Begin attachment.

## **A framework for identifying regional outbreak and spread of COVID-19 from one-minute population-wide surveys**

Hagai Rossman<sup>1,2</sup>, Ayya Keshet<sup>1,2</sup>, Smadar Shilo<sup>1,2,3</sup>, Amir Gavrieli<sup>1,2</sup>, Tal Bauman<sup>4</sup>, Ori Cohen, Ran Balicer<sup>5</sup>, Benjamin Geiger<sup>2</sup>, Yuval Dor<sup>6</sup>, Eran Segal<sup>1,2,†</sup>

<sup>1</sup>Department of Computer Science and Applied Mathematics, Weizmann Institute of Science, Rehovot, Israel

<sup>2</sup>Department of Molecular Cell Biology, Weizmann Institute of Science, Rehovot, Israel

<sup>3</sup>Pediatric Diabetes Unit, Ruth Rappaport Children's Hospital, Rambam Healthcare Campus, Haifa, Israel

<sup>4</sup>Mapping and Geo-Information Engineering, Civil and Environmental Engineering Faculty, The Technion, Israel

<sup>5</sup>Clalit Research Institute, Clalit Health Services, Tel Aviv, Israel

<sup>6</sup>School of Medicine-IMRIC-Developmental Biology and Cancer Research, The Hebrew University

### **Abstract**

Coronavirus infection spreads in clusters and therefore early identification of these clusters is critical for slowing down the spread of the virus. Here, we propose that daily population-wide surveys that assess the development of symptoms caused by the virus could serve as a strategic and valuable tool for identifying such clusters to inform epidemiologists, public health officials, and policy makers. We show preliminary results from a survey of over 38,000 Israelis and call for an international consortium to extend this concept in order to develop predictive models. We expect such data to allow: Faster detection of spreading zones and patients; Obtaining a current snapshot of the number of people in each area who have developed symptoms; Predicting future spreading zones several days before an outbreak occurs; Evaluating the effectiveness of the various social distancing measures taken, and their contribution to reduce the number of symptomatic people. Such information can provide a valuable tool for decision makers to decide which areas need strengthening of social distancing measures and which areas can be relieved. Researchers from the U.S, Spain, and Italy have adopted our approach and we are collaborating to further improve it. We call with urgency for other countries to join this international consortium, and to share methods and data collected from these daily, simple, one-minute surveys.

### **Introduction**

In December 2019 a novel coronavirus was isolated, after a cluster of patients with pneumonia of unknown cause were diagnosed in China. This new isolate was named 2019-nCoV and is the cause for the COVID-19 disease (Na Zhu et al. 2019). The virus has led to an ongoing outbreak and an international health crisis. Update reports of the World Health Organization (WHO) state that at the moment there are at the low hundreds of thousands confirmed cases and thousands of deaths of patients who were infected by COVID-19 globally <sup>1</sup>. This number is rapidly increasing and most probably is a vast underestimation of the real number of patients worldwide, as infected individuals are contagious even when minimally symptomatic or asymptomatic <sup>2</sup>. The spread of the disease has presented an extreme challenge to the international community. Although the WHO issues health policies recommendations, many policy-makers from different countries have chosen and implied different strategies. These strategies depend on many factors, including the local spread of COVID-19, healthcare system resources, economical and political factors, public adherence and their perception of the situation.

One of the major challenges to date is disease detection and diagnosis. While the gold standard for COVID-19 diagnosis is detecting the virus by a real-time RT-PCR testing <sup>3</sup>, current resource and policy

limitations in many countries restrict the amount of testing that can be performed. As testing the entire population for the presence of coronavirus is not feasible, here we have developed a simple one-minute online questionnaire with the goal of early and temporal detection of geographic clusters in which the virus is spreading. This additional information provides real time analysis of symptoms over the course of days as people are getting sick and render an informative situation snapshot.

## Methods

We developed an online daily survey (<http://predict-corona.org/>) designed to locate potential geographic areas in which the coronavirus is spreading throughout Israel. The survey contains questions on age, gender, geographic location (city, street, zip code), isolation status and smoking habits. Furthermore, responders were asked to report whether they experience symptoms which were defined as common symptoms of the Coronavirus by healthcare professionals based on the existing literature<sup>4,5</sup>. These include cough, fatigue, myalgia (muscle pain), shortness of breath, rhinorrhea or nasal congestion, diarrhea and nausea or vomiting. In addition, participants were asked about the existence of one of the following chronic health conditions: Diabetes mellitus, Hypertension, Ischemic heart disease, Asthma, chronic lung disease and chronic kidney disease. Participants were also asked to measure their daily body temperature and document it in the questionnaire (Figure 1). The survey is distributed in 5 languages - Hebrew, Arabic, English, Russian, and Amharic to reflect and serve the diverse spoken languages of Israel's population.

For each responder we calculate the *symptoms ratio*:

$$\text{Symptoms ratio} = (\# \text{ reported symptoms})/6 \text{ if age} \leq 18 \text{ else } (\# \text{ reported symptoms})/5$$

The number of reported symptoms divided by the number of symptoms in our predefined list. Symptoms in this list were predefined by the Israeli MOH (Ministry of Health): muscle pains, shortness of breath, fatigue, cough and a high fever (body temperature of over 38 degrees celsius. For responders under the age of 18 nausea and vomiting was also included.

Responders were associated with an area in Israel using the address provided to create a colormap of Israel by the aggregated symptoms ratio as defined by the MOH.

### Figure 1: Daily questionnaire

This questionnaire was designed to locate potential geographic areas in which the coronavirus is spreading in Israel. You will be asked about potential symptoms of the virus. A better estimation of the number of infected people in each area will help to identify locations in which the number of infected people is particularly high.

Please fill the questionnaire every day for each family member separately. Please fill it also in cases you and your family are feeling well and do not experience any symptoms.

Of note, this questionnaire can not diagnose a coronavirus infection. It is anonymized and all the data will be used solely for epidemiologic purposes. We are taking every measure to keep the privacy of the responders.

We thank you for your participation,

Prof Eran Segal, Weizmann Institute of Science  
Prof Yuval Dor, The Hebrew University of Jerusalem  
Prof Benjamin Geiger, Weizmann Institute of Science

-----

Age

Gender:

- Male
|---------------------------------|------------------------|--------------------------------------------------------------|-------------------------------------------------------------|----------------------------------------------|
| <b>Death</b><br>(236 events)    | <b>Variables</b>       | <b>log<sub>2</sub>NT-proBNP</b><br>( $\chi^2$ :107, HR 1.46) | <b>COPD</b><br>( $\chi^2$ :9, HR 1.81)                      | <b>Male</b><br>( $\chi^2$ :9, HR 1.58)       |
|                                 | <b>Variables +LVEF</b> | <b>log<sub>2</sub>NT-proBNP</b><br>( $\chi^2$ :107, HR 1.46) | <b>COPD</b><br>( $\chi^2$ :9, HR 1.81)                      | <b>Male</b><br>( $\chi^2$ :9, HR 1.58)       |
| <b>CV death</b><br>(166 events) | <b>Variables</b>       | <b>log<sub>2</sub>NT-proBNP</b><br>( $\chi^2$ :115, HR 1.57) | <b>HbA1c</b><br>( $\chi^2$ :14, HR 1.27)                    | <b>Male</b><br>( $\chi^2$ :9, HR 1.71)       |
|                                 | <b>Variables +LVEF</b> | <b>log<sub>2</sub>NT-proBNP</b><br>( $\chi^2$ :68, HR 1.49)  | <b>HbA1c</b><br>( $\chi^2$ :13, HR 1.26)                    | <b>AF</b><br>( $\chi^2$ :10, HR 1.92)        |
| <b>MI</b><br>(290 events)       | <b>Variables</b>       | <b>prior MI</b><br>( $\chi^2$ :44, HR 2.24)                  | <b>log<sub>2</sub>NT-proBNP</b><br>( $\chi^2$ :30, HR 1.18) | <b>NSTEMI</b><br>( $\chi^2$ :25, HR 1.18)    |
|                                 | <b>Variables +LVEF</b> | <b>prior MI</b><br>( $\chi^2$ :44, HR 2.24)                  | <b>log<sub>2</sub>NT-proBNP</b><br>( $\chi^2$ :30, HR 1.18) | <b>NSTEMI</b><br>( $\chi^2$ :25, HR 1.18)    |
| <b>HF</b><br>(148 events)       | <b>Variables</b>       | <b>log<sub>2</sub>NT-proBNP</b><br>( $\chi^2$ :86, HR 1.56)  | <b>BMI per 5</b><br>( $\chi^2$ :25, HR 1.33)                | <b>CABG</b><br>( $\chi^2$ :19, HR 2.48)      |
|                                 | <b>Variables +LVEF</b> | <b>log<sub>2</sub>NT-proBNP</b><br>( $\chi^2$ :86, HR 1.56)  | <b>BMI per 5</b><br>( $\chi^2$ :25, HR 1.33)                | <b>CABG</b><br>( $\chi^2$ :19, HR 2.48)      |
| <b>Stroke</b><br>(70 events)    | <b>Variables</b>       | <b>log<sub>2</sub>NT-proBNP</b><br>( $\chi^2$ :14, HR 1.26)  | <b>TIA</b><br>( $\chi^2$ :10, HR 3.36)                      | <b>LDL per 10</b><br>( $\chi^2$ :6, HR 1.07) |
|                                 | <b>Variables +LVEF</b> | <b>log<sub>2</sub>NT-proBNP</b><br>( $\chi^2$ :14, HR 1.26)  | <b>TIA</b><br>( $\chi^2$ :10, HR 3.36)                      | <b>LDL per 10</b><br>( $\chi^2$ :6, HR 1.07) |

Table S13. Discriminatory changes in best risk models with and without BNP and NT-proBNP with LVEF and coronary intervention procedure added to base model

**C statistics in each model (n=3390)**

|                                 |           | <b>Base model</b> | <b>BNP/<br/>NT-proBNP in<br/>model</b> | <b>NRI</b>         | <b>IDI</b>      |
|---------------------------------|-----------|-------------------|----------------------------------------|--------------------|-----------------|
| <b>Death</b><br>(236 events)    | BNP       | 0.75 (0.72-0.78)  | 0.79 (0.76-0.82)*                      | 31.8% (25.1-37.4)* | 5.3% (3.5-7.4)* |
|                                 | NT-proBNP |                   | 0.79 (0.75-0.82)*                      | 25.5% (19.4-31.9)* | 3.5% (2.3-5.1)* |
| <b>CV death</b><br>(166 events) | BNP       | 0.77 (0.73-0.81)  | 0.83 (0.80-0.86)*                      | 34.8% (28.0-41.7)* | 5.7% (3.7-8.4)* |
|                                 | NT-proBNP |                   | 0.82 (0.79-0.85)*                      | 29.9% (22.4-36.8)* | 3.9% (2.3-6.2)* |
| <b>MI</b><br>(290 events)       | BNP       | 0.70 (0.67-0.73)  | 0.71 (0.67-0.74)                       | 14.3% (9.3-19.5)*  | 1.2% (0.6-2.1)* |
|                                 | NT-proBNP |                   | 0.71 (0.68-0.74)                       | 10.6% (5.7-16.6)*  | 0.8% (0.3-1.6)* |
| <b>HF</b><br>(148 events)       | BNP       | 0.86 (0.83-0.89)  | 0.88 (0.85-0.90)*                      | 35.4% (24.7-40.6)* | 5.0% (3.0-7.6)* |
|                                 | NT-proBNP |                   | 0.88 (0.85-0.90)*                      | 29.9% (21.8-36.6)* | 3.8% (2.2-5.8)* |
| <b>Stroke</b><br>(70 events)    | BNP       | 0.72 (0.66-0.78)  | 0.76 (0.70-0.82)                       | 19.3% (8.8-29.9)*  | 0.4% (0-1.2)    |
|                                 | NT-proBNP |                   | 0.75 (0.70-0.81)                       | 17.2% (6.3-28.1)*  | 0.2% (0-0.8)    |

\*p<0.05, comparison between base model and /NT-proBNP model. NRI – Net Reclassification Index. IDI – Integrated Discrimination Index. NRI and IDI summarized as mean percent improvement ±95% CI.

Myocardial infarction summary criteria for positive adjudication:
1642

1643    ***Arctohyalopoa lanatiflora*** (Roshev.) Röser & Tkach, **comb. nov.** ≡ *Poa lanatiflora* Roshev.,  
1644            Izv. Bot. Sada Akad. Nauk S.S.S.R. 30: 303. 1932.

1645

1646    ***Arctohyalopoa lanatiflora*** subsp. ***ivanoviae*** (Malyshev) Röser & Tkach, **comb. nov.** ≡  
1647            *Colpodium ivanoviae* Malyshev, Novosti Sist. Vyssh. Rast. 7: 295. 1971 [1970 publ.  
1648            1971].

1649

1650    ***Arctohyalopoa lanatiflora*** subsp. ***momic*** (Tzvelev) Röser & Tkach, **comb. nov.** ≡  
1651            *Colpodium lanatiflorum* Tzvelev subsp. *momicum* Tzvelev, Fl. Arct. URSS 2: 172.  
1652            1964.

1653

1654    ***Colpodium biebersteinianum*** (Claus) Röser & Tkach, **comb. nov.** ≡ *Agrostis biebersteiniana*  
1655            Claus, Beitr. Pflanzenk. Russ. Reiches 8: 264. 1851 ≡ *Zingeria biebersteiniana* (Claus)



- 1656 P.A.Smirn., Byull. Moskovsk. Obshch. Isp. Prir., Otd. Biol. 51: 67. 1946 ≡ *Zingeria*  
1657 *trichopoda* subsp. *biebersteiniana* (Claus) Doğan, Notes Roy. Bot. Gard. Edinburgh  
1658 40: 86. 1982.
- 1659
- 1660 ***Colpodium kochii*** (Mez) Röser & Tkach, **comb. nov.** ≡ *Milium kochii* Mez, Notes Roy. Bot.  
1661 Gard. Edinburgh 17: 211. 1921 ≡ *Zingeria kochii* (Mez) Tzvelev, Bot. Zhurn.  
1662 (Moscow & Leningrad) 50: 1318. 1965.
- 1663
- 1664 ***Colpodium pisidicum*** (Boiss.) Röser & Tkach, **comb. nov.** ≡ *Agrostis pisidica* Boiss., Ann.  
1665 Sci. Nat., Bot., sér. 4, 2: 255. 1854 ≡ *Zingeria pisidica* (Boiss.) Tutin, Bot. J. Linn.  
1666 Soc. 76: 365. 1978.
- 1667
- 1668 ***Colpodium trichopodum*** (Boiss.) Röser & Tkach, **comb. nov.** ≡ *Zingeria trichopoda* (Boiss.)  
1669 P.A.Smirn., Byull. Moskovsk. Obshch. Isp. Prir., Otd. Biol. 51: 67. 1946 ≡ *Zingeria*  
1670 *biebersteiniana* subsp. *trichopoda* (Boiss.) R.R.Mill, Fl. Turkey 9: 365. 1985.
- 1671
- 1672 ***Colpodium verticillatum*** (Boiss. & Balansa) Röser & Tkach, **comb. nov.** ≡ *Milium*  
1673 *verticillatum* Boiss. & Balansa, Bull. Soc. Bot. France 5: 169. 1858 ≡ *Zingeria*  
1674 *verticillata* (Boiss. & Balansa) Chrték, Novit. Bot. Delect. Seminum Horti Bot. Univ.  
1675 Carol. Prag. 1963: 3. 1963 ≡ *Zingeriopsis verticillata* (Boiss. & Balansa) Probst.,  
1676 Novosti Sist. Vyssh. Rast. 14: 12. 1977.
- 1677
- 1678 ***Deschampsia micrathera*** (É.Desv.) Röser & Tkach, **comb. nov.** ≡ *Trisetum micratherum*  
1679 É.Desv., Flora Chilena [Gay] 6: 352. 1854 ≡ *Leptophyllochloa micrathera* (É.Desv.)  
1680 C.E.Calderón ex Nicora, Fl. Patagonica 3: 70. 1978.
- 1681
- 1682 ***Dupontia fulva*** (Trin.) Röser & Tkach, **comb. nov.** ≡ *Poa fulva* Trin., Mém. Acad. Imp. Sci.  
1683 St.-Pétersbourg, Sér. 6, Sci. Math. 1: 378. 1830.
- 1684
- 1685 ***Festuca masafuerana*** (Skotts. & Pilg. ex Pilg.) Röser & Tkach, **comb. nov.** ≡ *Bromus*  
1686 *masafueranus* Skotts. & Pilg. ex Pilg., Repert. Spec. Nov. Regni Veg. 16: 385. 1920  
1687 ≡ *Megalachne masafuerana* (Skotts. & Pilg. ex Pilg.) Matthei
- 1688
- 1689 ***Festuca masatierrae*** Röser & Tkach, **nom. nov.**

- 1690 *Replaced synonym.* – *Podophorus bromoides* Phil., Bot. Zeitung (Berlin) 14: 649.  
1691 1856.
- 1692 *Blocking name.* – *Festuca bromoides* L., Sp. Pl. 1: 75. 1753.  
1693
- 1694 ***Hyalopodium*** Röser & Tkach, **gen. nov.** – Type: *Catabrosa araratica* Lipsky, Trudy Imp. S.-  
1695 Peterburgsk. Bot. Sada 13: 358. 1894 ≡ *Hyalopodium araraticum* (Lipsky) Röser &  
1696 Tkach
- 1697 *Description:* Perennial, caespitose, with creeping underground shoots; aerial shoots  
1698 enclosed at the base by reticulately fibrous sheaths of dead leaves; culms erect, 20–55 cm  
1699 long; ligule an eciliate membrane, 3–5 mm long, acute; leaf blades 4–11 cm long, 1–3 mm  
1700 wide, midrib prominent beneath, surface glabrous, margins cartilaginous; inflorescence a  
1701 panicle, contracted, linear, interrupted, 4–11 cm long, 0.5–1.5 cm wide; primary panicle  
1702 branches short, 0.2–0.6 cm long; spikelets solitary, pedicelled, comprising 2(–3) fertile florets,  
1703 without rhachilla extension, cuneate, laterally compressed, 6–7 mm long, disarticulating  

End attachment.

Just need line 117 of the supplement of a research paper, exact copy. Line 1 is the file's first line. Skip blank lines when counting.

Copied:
1699 long; ligule an eciliate membrane, 3–5 mm long, acute; leaf blades 4–11 cm long, 1–3 mm  